This article was first published at Fire Aviation.
A report produced by the managers of Southern California’s Quick Reaction Force (QRF) of four helicopters concludes that the aggressive aerial attack working with the units on the ground likely limited the final size and cost of the Route Fire. The fire started at about noon on August 31, 2022 and ultimately burned 5,280 acres north of Los Angeles between Interstate 5 and Castaic Lake. (Download the 3.2 Mb report)
This is a different incident from the Route Fire that burned 454 acres a few miles away along Interstate 5 September 11, 2021. You may remember that fire as the one where 13 firefighters who were becoming rapidly entrapped were crammed into two US Forest Service engines and rescued with only moments to spare. There were 23 bodies in the two engines, with seating designed for five each. Another 11 firefighters not quite as close to the flames were rescued by Los Angeles County engines.
The four QRF helicopters are all staffed for 24-hour coverage and equipped for night flying. With most of their base funding supplied by Southern California Edison they are located in Orange, Los Angeles, and Ventura Counties. Two of the helicopters are CH-47 Chinooks, one is an S-61, and the fourth is an S-76 used for aerial supervision. The helicopters are dispatched as a unit along with a mobile fire retardant base and can drop water until the base is established. The fact that they can drop retardant 24 hours a day, when fixed wing aircraft can’t work the fire at night, can be a game changer. During the Route Fire the mobile retardant base did not have to travel, it was set up at its base about 10 miles from the fire.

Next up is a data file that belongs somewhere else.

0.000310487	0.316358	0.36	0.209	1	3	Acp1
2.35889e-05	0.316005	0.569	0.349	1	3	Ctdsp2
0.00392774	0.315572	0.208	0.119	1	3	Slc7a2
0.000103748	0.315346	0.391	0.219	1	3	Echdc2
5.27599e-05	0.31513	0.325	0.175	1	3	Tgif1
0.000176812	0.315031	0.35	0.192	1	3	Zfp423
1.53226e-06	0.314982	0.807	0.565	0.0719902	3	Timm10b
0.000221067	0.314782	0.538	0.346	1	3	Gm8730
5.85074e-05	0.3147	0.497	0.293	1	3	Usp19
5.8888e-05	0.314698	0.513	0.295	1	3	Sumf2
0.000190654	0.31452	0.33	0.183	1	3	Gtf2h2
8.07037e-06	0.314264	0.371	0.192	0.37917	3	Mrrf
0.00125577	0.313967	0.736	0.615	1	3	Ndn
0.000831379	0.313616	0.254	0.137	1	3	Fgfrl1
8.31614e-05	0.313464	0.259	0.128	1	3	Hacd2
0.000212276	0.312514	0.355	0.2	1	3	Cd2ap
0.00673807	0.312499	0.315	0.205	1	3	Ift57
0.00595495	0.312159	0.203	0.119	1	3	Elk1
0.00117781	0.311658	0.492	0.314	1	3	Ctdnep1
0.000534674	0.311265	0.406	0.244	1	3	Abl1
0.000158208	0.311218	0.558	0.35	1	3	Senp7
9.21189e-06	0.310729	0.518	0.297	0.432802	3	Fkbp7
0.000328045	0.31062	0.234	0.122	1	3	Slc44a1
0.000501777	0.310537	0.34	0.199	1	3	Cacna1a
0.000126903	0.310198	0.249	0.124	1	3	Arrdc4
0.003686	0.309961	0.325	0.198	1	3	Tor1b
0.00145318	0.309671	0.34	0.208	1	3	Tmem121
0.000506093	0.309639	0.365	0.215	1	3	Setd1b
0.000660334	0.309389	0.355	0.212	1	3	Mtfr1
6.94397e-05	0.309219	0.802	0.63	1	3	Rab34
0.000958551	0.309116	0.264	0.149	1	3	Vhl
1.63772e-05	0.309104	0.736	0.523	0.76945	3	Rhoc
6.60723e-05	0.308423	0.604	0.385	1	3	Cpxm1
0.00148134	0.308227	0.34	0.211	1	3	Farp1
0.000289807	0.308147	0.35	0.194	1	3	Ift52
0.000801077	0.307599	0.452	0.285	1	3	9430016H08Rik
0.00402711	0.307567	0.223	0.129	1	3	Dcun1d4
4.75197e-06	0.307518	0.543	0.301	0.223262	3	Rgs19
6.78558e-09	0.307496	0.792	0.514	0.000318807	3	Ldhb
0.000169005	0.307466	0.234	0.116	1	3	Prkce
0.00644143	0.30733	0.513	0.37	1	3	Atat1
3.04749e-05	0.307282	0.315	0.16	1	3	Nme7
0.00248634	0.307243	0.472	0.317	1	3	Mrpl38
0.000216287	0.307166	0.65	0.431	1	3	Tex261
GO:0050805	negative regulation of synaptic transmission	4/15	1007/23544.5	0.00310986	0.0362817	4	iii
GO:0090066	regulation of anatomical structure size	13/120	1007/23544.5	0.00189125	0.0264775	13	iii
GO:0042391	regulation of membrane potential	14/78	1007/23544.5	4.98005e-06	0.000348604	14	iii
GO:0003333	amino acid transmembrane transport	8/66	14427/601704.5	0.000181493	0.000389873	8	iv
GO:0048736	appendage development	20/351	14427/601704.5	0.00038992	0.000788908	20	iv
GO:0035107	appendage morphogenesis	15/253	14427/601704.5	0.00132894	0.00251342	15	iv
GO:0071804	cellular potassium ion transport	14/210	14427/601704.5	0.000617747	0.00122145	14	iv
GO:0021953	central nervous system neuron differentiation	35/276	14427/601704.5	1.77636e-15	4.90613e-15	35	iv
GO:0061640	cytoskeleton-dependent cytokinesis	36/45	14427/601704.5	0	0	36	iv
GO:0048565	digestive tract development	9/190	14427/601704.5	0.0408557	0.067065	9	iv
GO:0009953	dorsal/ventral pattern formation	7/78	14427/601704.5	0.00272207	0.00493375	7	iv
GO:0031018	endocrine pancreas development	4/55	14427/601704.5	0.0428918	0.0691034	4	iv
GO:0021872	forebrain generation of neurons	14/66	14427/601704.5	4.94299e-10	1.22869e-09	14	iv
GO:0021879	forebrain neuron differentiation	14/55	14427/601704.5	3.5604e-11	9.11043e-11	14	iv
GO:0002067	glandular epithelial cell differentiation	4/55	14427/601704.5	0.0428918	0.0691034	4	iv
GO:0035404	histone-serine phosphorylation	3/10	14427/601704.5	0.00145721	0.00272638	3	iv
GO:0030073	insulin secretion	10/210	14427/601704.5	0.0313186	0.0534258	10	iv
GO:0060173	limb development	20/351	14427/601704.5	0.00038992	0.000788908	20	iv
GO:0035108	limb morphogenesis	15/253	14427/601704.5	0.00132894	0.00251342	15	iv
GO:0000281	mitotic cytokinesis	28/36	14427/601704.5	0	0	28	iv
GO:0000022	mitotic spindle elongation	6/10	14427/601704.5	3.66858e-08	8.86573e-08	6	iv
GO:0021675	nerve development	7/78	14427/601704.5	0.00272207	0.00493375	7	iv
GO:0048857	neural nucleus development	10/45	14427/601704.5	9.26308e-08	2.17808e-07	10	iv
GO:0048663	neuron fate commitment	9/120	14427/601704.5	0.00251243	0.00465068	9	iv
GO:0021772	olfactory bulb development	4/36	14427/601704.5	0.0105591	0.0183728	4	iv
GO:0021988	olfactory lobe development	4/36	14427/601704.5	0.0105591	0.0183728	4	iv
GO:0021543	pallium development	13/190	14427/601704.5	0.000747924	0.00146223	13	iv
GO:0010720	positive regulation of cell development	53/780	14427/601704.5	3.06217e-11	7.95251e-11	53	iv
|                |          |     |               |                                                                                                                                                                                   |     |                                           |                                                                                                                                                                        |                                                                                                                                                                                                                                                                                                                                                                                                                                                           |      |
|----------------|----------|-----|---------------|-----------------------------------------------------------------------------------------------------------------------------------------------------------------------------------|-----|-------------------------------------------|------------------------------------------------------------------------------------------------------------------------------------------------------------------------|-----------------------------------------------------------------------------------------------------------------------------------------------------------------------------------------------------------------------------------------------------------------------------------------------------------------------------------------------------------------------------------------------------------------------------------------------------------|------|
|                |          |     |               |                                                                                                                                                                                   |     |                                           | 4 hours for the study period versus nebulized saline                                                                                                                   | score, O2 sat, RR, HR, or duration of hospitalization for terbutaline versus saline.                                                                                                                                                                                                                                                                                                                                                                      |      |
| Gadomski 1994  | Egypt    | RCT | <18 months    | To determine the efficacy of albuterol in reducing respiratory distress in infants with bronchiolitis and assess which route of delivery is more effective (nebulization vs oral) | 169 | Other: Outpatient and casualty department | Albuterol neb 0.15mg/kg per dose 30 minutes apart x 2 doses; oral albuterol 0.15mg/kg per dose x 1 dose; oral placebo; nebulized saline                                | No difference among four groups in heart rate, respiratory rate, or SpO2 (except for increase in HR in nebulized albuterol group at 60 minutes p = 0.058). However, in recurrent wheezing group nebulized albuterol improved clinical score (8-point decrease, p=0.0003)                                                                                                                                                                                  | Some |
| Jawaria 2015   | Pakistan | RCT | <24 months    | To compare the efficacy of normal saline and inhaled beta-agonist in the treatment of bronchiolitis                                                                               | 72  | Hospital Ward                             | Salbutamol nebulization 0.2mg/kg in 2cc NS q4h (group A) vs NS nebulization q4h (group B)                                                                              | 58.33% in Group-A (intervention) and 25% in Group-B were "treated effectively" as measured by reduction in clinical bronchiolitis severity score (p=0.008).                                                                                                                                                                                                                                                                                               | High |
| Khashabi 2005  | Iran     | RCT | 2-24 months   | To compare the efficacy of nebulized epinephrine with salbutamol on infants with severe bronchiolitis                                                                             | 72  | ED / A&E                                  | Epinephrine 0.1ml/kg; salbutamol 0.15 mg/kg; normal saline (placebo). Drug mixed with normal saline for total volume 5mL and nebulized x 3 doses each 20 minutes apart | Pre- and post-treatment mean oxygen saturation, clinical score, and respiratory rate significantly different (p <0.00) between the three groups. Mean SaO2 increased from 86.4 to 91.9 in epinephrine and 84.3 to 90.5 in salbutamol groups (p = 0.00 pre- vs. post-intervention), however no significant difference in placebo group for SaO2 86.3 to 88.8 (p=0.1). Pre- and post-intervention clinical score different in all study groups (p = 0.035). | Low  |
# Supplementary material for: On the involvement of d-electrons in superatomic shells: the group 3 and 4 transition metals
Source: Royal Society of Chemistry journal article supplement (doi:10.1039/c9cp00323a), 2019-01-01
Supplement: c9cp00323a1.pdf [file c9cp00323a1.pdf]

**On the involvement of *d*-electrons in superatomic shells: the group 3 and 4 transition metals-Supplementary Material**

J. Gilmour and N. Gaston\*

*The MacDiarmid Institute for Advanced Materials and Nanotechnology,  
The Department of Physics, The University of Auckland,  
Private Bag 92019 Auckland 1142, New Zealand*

The assignment given to the QRF by Los Angeles County Fire Department on the Route fire was for it to stop the spread to the north. The S-61 was tasked to hold a particular location on the fire, using water from the adjacent Castaic Lake. It averaged of 696 gallons per drop.
The two Chinooks dropped averages of 2,434 gallons of water per drop and 1,896 gallons of retardant per drop. The three suppression helicopters flew an average of 9 hours each that afternoon and into the night, dropping 223,000 gallons of water and 55,000 gallons of retardant. The S-76 was used for 17 hours. The total cost of the retardant and flight time for the four ships was $403,950.
The report compares the Route Fire to the 1996 Marple Fire which started in about the same location at the same time of the day and time of year in similar weather conditions. By midnight the Marple Fire had exceeded 10,000 acres and continued spreading for two or three days until it was stopped at 19,860 acres.
In contrast, the spread of the Route Fire was stopped at 8 a.m. on Day 2. The three helicopters dropped water and retardant much of the night to hold it at a ridge on the north side, allowing hand crews and dozers to complete fire line.
It is very difficult to compare the suppression costs of two fires that occurred 26 years apart, but the authors of the QRF report estimated that the cost of the Marple Fire in today’s dollars would be somewhere between $70 million and $140 million. The cost of the Route Fire was $7 million to $8 million.